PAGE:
Could you pass the minimum standard of fitness for a US marine? According to Military.com, a male recruit between the ages of 26 and 30 would need to be able to do at least five pull-ups, at least 39 push ups, run three miles in under 28 minutes, and do 70 crunches. However, due to a new change in the rules, the crunch section has been changed in favour of a different exercises.
Crunches are great for working on your upper abdominals, generating a lot of muscular activation, and remains extremely effective. You can check out our comprehensive guide on how to do a crunch for more on this. But according to military specialist website Task & Purpose, the US Marine Corps – some of its members rank among the fittest people in the country – are dropping the crunch from its physical fitness test, or PFT, in favour of the plank.
Instead of tasking its members to do at least 70 crunches (up to a maximum of 115), the USMC has been offering the option of planking to demonstrate core strength, with a hold time of one minute, three seconds required to pass. From 1 January 2023, the plank will become mandatory, increasing to a minimum hold time of one minute, 10 seconds.
Capt. Sam Stephenson, a USMC spokesperson, reportedly said: “For decades, the Marine Corps has used crunches to both improve and assess abdominal endurance. However, research has shown that crunches with the feet restrained require significant hip flexor activation. This has been linked to an increased risk of injury, including lower back pain due to increased lumbar lordosis.”
Quite a few papers have been published on this in recent years. One study from November 2016, conducted by researchers from City University of New York, said "despite the benefits [of crunches], participation may increase one's risk for low back pain" due to the pressing of your spine against the floor as you work the upper part of your torso and hip flexors. This can leave the spine curved while pushing against the floor, leading to injury.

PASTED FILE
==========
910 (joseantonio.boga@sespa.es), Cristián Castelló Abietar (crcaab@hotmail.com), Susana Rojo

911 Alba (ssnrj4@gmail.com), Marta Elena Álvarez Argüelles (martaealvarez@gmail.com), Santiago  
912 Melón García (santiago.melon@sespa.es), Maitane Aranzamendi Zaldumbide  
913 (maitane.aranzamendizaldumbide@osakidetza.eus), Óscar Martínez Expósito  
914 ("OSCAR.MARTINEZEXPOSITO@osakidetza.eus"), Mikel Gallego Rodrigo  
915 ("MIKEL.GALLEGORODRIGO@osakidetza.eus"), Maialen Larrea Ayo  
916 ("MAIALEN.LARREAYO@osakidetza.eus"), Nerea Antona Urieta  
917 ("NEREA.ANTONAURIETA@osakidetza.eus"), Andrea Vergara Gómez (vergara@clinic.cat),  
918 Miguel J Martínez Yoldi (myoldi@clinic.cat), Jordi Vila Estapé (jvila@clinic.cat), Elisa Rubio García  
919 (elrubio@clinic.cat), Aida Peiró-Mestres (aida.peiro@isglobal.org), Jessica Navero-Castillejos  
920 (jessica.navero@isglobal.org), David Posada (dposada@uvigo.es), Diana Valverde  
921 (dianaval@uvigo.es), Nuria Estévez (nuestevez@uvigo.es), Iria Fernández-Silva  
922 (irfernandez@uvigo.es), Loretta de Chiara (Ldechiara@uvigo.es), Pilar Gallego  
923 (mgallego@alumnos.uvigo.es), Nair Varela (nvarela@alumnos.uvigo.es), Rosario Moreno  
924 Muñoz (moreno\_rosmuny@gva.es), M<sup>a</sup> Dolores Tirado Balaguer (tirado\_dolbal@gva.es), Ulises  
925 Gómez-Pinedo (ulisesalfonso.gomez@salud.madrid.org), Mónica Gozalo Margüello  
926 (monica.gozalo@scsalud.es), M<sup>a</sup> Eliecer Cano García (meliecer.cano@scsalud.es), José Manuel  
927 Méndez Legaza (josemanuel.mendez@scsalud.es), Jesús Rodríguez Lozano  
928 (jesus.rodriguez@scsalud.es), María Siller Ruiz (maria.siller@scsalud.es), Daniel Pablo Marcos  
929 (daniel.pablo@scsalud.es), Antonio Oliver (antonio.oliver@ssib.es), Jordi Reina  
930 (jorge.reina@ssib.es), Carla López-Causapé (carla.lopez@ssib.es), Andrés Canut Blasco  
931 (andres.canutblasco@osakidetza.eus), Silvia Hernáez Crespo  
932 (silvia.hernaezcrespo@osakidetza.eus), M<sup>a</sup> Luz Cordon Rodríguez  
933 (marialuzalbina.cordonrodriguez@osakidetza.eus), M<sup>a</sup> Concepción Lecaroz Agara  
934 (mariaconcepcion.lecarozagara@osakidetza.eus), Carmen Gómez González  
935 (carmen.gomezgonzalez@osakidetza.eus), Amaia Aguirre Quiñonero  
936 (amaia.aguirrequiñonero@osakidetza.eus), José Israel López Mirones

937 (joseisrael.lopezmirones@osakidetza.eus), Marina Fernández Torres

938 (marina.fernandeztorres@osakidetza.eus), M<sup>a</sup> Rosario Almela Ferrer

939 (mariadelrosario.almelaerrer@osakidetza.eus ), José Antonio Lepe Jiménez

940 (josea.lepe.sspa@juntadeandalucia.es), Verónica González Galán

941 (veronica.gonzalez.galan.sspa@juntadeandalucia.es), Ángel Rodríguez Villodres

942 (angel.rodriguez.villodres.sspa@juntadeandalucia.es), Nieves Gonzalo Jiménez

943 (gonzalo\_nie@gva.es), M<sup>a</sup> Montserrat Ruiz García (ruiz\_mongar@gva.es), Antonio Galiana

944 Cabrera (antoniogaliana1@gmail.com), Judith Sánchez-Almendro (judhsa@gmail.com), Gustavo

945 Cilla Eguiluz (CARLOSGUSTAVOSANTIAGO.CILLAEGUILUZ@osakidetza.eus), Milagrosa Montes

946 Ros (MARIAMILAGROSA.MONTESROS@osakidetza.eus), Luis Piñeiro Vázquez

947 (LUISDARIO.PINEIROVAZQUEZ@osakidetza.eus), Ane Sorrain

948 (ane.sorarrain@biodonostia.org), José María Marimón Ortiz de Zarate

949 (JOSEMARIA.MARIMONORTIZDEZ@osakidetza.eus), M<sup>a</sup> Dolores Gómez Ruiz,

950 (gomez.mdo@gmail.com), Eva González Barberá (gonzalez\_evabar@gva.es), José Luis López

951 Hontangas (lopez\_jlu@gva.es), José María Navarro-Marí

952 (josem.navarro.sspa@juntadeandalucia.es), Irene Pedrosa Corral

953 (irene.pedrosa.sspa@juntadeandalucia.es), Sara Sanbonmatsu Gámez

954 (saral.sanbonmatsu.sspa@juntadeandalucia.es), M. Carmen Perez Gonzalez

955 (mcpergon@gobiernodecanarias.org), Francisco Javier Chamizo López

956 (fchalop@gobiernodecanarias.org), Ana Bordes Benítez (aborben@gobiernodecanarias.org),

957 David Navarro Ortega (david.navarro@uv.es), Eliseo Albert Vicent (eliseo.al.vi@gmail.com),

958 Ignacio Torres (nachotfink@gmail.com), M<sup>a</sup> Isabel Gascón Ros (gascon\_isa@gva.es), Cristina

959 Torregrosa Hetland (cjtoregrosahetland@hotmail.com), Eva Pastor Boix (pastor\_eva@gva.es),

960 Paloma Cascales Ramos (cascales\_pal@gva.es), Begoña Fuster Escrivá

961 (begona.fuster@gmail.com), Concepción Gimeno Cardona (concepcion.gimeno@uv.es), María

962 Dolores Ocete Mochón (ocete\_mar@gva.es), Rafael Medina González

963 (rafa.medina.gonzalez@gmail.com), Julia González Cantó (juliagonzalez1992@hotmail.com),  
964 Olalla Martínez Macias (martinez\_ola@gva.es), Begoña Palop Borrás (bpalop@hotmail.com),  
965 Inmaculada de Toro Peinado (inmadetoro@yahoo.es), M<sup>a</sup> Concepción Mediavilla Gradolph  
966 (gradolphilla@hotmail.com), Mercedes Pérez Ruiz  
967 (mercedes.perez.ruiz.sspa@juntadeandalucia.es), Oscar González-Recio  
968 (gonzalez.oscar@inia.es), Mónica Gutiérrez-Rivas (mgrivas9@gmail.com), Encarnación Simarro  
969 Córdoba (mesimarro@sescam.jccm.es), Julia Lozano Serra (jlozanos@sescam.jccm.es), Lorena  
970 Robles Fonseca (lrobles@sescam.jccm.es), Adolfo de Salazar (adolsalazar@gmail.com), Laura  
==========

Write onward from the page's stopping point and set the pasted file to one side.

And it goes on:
Planks, meanwhile, are usually performed while balancing on your forearms and the balls of your feet. It puts no pressure on your lower back, and so it's much safer for people to perform. It's also a difficult isometric exercise, activating the entire "trunk" of your body including the rectus abdominus, obliques and lower back.
If you can already hold the plank position for over one minute, congratulations – you're one step closer to aceing the basic US Marine Corps fitness test. However, there's no need to hold the plank for longer than two minutes at a time, as Harvard University found you don't get any benefit from holding the plank for any longer. If you're not quite there yet, our guide on how to do a plank can help. If you want to work your core even further, try one of our best ab rollers.
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Matt Evans is an experienced health and fitness journalist and is currently Fitness and Wellbeing Editor at TechRadar, covering all things exercise and nutrition on Fit&Well's tech-focused sister site. Matt originally discovered exercise through martial arts: he holds a black belt in Karate and remains a keen runner, gym-goer, and infrequent yogi. His top fitness tip? Stretch.
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